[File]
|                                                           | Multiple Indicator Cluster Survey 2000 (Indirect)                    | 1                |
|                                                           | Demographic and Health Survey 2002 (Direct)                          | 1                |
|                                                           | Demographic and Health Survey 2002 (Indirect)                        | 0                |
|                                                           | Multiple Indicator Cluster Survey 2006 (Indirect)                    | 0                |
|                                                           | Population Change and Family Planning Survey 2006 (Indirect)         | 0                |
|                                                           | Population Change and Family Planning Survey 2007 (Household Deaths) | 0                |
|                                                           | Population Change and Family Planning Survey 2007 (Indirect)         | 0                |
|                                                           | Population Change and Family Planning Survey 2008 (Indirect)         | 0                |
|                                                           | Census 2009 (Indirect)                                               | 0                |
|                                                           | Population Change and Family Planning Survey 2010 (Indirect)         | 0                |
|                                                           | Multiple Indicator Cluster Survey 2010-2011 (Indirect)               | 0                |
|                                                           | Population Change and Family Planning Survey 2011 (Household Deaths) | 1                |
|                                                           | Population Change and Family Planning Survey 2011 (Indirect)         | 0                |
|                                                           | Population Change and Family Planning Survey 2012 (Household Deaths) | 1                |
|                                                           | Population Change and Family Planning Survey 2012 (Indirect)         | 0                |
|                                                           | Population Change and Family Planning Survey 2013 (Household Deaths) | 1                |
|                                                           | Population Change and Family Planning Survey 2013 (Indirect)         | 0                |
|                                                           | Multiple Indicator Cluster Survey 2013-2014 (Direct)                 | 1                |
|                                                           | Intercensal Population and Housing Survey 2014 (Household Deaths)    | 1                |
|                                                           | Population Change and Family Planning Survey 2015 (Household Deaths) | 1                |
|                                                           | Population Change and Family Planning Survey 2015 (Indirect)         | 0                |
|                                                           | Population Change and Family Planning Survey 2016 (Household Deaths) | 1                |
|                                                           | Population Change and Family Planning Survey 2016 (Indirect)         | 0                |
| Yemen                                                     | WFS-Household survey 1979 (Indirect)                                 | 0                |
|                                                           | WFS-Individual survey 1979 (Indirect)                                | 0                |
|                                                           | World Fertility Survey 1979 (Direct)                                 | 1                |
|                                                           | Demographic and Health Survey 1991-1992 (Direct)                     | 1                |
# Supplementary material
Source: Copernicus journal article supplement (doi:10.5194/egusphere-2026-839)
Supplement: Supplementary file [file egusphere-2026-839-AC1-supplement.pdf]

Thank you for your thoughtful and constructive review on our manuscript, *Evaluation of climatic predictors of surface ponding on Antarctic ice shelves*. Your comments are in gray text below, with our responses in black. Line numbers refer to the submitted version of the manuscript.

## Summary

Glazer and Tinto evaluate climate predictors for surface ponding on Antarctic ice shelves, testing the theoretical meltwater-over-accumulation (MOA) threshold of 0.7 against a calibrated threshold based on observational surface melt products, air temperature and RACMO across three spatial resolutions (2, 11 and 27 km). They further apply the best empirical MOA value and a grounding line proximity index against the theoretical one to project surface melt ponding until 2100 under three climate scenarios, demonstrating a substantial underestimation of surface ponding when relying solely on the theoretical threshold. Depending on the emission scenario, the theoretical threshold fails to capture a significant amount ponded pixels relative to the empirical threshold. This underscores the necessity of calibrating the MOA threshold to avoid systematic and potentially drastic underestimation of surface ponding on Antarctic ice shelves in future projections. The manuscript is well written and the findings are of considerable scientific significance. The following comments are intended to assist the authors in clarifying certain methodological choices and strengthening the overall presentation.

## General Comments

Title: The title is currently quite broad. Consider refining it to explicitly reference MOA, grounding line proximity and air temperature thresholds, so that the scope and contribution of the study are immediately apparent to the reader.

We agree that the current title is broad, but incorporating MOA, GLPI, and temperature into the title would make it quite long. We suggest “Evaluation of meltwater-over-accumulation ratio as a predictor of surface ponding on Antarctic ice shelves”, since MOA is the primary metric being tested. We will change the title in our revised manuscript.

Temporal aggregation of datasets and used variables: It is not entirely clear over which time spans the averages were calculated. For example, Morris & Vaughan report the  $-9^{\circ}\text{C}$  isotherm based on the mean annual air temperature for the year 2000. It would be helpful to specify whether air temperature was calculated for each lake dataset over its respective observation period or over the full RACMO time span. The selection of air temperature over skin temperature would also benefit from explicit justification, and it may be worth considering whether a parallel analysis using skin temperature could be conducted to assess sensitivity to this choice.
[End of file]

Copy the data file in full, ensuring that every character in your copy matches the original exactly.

|                                                           | Multiple Indicator Cluster Survey 2000 (Indirect)                    | 1                |
|                                                           | Demographic and Health Survey 2002 (Direct)                          | 1                |
|                                                           | Demographic and Health Survey 2002 (Indirect)                        | 0                |
|                                                           | Multiple Indicator Cluster Survey 2006 (Indirect)                    | 0                |
|                                                           | Population Change and Family Planning Survey 2006 (Indirect)         | 0                |
|                                                           | Population Change and Family Planning Survey 2007 (Household Deaths) | 0                |
|                                                           | Population Change and Family Planning Survey 2007 (Indirect)         | 0                |
|                                                           | Population Change and Family Planning Survey 2008 (Indirect)         | 0                |
|                                                           | Census 2009 (Indirect)                                               | 0                |
|                                                           | Population Change and Family Planning Survey 2010 (Indirect)         | 0                |
|                                                           | Multiple Indicator Cluster Survey 2010-2011 (Indirect)               | 0                |
|                                                           | Population Change and Family Planning Survey 2011 (Household Deaths) | 1                |
|                                                           | Population Change and Family Planning Survey 2011 (Indirect)         | 0                |
|                                                           | Population Change and Family Planning Survey 2012 (Household Deaths) | 1                |
|                                                           | Population Change and Family Planning Survey 2012 (Indirect)         | 0                |
|                                                           | Population Change and Family Planning Survey 2013 (Household Deaths) | 1                |
|                                                           | Population Change and Family Planning Survey 2013 (Indirect)         | 0                |
|                                                           | Multiple Indicator Cluster Survey 2013-2014 (Direct)                 | 1                |
|                                                           | Intercensal Population and Housing Survey 2014 (Household Deaths)    | 1                |
|                                                           | Population Change and Family Planning Survey 2015 (Household Deaths) | 1                |
|                                                           | Population Change and Family Planning Survey 2015 (Indirect)         | 0                |
|                                                           | Population Change and Family Planning Survey 2016 (Household Deaths) | 1                |
|                                                           | Population Change and Family Planning Survey 2016 (Indirect)         | 0                |
| Yemen                                                     | WFS-Household survey 1979 (Indirect)                                 | 0                |
|                                                           | WFS-Individual survey 1979 (Indirect)                                | 0                |
|                                                           | World Fertility Survey 1979 (Direct)                                 | 1                |
|                                                           | Demographic and Health Survey 1991-1992 (Direct)                     | 1                |
# Supplementary material
Source: Copernicus journal article supplement (doi:10.5194/egusphere-2026-839)
Supplement: Supplementary file [file egusphere-2026-839-AC1-supplement.pdf]

Thank you for your thoughtful and constructive review on our manuscript, *Evaluation of climatic predictors of surface ponding on Antarctic ice shelves*. Your comments are in gray text below, with our responses in black. Line numbers refer to the submitted version of the manuscript.

## Summary

Glazer and Tinto evaluate climate predictors for surface ponding on Antarctic ice shelves, testing the theoretical meltwater-over-accumulation (MOA) threshold of 0.7 against a calibrated threshold based on observational surface melt products, air temperature and RACMO across three spatial resolutions (2, 11 and 27 km). They further apply the best empirical MOA value and a grounding line proximity index against the theoretical one to project surface melt ponding until 2100 under three climate scenarios, demonstrating a substantial underestimation of surface ponding when relying solely on the theoretical threshold. Depending on the emission scenario, the theoretical threshold fails to capture a significant amount ponded pixels relative to the empirical threshold. This underscores the necessity of calibrating the MOA threshold to avoid systematic and potentially drastic underestimation of surface ponding on Antarctic ice shelves in future projections. The manuscript is well written and the findings are of considerable scientific significance. The following comments are intended to assist the authors in clarifying certain methodological choices and strengthening the overall presentation.

## General Comments

Title: The title is currently quite broad. Consider refining it to explicitly reference MOA, grounding line proximity and air temperature thresholds, so that the scope and contribution of the study are immediately apparent to the reader.

We agree that the current title is broad, but incorporating MOA, GLPI, and temperature into the title would make it quite long. We suggest “Evaluation of meltwater-over-accumulation ratio as a predictor of surface ponding on Antarctic ice shelves”, since MOA is the primary metric being tested. We will change the title in our revised manuscript.

Temporal aggregation of datasets and used variables: It is not entirely clear over which time spans the averages were calculated. For example, Morris & Vaughan report the  $-9^{\circ}\text{C}$  isotherm based on the mean annual air temperature for the year 2000. It would be helpful to specify whether air temperature was calculated for each lake dataset over its respective observation period or over the full RACMO time span. The selection of air temperature over skin temperature would also benefit from explicit justification, and it may be worth considering whether a parallel analysis using skin temperature could be conducted to assess sensitivity to this choice.